Analysis: Why Was the Ban of U.S. Congresswomen Issued?

YERUSHALAYIM -
President Donald Trump and Israeli Prime Minister Benjamin Netanyahu in Jerusalem, May, 2017. (Reuters/Ronen Zvulun/File Photo)

As the firestorm over Israel’s decision to refuse entry to two pro-BDS congresswomen continued on Thursday, the question of how the decision was made came irresistibly to the fore.

Only the day before, a bipartisan delegation of members of the House of Representatives had congratulated Israel on its willingness to allow in Democratic Reps. Ilhan Omar and Rashida Tlaib, despite their record of animus toward Israel and the Jewish community in general.

They argued that anyone who comes to learn about the realities of life in Israel cannot but be favorably impressed by the religious tolerance and the democratic freedom. They cited Israel’s ambassador to Washington Ron Dermer’s recent statement that out of respect for the U.S. Congress and the bilateral friendship, they would be permitted to visit.

The reversal on Thursday shocked many of Israel’s friends and provided further ammunition for Israel’s enemies.

House Majority Leader Steny Hoyer (D-Md.), who led the 41 Democrats currently visiting the country, was beside himself, calling Thursday’s decision “outrageous.”

“This action is contrary to the statement and assurances to me by Israel’s ambassador to the United States that ‘out of respect for the U.S. Congress and the great alliance between Israel and America, we would not deny entry to any Member of Congress into Israel,'” Hoyer said. “That representation was not true,” he was quoted by Politico as saying.

Hoyer did not address the reason for the Israeli reversal, but others did.

For example, Ilhan Omar, who blamed U.S. President Donald Trump and took the opportunity for a tirade against him and Netanyahu, as usual framing the issue in terms of anti-Muslim bigotry:

“It is an affront that Israel Prime Minister Netanyahu, under pressure from President Trump, would deny entry to representatives of the US government. Trump’s Muslim ban is what Israel is implementing, this time against two duly elected Members of Congress. Denying entry into Israel not only limits our ability to learn from Israelis, but also to enter the Palestinian territories. Sadly, this is not a surprise given the public position of Prime Minister Netanyahu, who has consistently resisted peace efforts, restricted the freedom of movement of Palestinians, limited public knowledge of the brutal realities of the occupation and aligned himself with Islamophobes like Donald Trump.”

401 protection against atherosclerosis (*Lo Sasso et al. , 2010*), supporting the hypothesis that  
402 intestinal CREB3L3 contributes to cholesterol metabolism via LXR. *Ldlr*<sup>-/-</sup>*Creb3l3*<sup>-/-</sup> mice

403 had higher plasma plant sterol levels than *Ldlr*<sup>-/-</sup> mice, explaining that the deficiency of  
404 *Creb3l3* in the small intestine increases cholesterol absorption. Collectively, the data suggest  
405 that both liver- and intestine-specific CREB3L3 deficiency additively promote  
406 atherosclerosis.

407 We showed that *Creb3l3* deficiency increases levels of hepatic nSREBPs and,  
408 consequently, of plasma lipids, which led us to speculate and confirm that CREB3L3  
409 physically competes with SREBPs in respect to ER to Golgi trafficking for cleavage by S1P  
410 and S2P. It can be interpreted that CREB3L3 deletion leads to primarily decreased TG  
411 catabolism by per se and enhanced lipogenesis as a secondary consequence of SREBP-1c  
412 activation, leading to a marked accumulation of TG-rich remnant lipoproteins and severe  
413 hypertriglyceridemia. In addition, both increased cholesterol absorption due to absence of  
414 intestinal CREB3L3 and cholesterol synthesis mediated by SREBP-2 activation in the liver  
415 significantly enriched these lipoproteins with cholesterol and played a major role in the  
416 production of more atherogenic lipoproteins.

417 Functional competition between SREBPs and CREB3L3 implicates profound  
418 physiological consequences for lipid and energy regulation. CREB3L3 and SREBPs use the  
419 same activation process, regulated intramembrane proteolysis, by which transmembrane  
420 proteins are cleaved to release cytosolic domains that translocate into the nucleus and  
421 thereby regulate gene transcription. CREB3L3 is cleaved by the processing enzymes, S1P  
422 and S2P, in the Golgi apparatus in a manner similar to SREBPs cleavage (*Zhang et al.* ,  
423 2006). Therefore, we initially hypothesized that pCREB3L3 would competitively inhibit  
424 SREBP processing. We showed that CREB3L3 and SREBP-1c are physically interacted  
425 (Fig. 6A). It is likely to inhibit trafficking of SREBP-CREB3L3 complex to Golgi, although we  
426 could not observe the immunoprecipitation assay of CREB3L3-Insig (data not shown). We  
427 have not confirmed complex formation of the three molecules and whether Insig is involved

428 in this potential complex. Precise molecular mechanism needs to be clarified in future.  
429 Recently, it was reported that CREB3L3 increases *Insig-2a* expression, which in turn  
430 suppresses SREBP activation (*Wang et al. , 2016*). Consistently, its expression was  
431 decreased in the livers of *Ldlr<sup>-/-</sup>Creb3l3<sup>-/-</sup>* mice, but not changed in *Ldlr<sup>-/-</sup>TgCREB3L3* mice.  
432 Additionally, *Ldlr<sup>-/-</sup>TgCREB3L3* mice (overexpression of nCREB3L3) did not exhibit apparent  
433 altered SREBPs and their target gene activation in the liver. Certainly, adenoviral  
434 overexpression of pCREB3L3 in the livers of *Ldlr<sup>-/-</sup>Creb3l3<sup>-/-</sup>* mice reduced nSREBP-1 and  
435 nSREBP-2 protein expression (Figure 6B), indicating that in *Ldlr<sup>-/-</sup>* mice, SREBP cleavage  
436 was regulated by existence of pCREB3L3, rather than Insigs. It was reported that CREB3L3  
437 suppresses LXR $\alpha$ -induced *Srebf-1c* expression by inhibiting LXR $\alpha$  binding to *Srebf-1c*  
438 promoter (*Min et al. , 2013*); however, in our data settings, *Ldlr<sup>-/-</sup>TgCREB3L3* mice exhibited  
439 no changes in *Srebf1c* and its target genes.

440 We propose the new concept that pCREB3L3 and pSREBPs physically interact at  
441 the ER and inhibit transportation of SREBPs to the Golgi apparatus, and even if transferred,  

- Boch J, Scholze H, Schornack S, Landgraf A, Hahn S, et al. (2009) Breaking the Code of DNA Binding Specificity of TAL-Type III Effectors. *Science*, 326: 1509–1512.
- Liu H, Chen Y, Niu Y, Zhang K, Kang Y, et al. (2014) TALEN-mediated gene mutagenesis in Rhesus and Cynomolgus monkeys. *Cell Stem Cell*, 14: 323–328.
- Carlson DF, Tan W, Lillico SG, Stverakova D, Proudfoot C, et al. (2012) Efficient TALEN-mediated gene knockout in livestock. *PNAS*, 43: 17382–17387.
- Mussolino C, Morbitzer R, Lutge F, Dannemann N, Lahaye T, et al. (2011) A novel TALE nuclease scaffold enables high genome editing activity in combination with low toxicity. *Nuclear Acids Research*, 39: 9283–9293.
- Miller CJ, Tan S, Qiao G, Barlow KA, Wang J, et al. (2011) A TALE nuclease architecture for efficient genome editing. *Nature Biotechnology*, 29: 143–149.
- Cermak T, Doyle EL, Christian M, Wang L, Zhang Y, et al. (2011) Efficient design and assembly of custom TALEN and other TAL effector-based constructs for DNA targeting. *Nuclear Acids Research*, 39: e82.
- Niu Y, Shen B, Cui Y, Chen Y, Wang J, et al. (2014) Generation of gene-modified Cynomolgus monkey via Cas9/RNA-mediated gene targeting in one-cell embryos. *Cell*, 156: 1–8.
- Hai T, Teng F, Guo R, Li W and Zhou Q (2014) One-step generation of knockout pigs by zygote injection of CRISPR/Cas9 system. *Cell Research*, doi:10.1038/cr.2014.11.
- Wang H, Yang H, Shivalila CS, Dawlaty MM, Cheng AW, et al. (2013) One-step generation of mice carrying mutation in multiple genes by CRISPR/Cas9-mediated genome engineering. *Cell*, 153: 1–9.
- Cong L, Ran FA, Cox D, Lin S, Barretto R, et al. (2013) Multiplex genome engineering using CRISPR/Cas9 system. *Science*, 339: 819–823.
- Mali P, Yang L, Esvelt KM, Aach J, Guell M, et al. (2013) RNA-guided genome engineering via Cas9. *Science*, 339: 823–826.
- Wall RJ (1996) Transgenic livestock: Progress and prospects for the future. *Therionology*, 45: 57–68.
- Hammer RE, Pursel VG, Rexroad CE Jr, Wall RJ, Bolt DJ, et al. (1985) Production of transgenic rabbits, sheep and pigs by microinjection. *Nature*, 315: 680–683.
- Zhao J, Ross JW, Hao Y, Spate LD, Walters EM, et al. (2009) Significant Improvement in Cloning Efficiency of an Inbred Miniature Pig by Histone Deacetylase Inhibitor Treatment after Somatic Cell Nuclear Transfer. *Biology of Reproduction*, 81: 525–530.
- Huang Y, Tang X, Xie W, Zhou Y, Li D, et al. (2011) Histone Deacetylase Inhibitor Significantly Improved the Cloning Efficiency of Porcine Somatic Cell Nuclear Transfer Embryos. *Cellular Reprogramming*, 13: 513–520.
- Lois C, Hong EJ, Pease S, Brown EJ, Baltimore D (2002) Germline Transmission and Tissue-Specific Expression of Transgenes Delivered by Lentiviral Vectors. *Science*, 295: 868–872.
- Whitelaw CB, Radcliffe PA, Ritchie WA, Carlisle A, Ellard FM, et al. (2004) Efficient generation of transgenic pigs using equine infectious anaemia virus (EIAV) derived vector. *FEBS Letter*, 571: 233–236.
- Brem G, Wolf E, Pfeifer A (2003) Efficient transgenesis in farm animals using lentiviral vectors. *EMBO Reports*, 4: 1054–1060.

An analysis by Raphael Ahren in The Times of Israel asserted that “the reasons for Israel’s sudden about-face plainly originated in the White House.”

The circumstantial evidence he adduced for it certainly seemed compelling.

Ahren observed that an hour and a half after Trump tweeted that “It would show great weakness if Israel allowed Rep. Omar and Rep. Tlaib to visit,” Interior Minister Rabbi Arye Deri’s spokesman issued a a statement officially confirming the ban on Omar and Tlaib.

Senior Israeli officials from Prime Minister Binyamin Netanyahu on down had a different explanation for the change of mind. It was because the real reason for their visit had only gradually emerged.

“Several days ago, we received [Omar and Tlaib’s] trip itinerary,” Netanyahu’s statement said, “which clarified that they planned a visit whose sole purpose was to support boycotts and deny Israel’s legitimacy. For example, they called their destination ‘Palestine’ and not ‘Israel,’ and unlike all Democratic and Republican members of Congress before them, they did not seek any meeting with any Israeli official, whether government or opposition.”

Clearly, the Israelis had their reservations about the visit from the outset; it would have been naïve to take at face value Omar’s statement that she wanted to go to Israel to learn more about the situation, a fact-finding trip. Dermer had said the reason for allowing them in was only out of respect for the U.S.

The reasons given on for refusing them entry on Thursday—that they intended to exploit the trip for anti-Israel propaganda—already existed a week ago.

The best one can say is that under pressure from the White House on Thursday, that reason became strong enough to justify a reversal.

But it was truly a no-win situation. Staying firm against the president’s wishes would have damaged the Trump-Netanyahu relationship. It would also have given Tlaib and Omar their opportunity to use the trip to bash Israel.

On the other hand, by bowing to Trump, they incurred the wrath of the Democrats, including some genuinely pro-Israel, handing the Muslim congresswomen a diplomatic victory.

Netanyahu had to weigh the grim alternatives. He chose to stick with President Donald Trump, “the best friend Israel has ever had in the White House.”